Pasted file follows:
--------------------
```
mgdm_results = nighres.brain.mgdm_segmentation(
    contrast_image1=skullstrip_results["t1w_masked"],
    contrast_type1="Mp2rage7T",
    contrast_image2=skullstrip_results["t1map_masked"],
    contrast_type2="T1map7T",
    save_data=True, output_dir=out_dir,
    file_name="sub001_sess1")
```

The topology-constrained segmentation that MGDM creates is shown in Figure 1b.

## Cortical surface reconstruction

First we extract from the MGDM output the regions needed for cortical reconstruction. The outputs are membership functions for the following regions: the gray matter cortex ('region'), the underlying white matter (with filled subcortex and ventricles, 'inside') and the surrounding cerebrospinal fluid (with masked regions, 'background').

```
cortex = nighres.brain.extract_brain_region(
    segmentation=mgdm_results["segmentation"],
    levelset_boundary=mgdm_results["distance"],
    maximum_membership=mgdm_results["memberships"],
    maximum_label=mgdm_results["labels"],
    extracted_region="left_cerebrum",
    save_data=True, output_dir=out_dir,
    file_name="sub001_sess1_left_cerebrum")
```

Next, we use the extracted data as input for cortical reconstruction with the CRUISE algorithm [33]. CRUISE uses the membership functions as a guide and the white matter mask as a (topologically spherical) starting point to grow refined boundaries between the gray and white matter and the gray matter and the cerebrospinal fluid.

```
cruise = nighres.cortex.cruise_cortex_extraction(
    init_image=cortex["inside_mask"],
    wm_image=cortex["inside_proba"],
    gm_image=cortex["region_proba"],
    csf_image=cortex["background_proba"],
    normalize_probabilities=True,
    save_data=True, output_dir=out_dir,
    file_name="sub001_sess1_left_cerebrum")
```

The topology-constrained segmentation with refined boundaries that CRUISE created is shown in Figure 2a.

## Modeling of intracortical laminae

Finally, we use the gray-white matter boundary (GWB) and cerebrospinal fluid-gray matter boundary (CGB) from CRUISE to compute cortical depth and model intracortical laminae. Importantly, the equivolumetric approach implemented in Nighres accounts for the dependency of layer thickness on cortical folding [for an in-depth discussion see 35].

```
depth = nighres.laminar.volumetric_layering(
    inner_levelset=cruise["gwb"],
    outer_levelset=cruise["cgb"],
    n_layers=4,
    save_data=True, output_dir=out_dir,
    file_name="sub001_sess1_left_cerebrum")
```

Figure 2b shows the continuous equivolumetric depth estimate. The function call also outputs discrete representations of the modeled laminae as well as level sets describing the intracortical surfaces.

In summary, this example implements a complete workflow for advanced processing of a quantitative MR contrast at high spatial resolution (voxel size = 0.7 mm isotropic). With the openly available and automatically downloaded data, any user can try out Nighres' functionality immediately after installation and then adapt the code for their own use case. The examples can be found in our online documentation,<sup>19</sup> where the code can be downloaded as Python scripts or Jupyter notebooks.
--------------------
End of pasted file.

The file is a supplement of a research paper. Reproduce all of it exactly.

```
mgdm_results = nighres.brain.mgdm_segmentation(
    contrast_image1=skullstrip_results["t1w_masked"],
    contrast_type1="Mp2rage7T",
    contrast_image2=skullstrip_results["t1map_masked"],
    contrast_type2="T1map7T",
    save_data=True, output_dir=out_dir,
    file_name="sub001_sess1")
```

The topology-constrained segmentation that MGDM creates is shown in Figure 1b.

## Cortical surface reconstruction

First we extract from the MGDM output the regions needed for cortical reconstruction. The outputs are membership functions for the following regions: the gray matter cortex ('region'), the underlying white matter (with filled subcortex and ventricles, 'inside') and the surrounding cerebrospinal fluid (with masked regions, 'background').

```
cortex = nighres.brain.extract_brain_region(
    segmentation=mgdm_results["segmentation"],
    levelset_boundary=mgdm_results["distance"],
    maximum_membership=mgdm_results["memberships"],
    maximum_label=mgdm_results["labels"],
    extracted_region="left_cerebrum",
    save_data=True, output_dir=out_dir,
    file_name="sub001_sess1_left_cerebrum")
```

Next, we use the extracted data as input for cortical reconstruction with the CRUISE algorithm [33]. CRUISE uses the membership functions as a guide and the white matter mask as a (topologically spherical) starting point to grow refined boundaries between the gray and white matter and the gray matter and the cerebrospinal fluid.

```
cruise = nighres.cortex.cruise_cortex_extraction(
    init_image=cortex["inside_mask"],
    wm_image=cortex["inside_proba"],
    gm_image=cortex["region_proba"],
    csf_image=cortex["background_proba"],
    normalize_probabilities=True,
    save_data=True, output_dir=out_dir,
    file_name="sub001_sess1_left_cerebrum")
```

The topology-constrained segmentation with refined boundaries that CRUISE created is shown in Figure 2a.

## Modeling of intracortical laminae

Finally, we use the gray-white matter boundary (GWB) and cerebrospinal fluid-gray matter boundary (CGB) from CRUISE to compute cortical depth and model intracortical laminae. Importantly, the equivolumetric approach implemented in Nighres accounts for the dependency of layer thickness on cortical folding [for an in-depth discussion see 35].

```
depth = nighres.laminar.volumetric_layering(
    inner_levelset=cruise["gwb"],
    outer_levelset=cruise["cgb"],
    n_layers=4,
    save_data=True, output_dir=out_dir,
    file_name="sub001_sess1_left_cerebrum")
```

Figure 2b shows the continuous equivolumetric depth estimate. The function call also outputs discrete representations of the modeled laminae as well as level sets describing the intracortical surfaces.

In summary, this example implements a complete workflow for advanced processing of a quantitative MR contrast at high spatial resolution (voxel size = 0.7 mm isotropic). With the openly available and automatically downloaded data, any user can try out Nighres' functionality immediately after installation and then adapt the code for their own use case. The examples can be found in our online documentation,<sup>19</sup> where the code can be downloaded as Python scripts or Jupyter notebooks.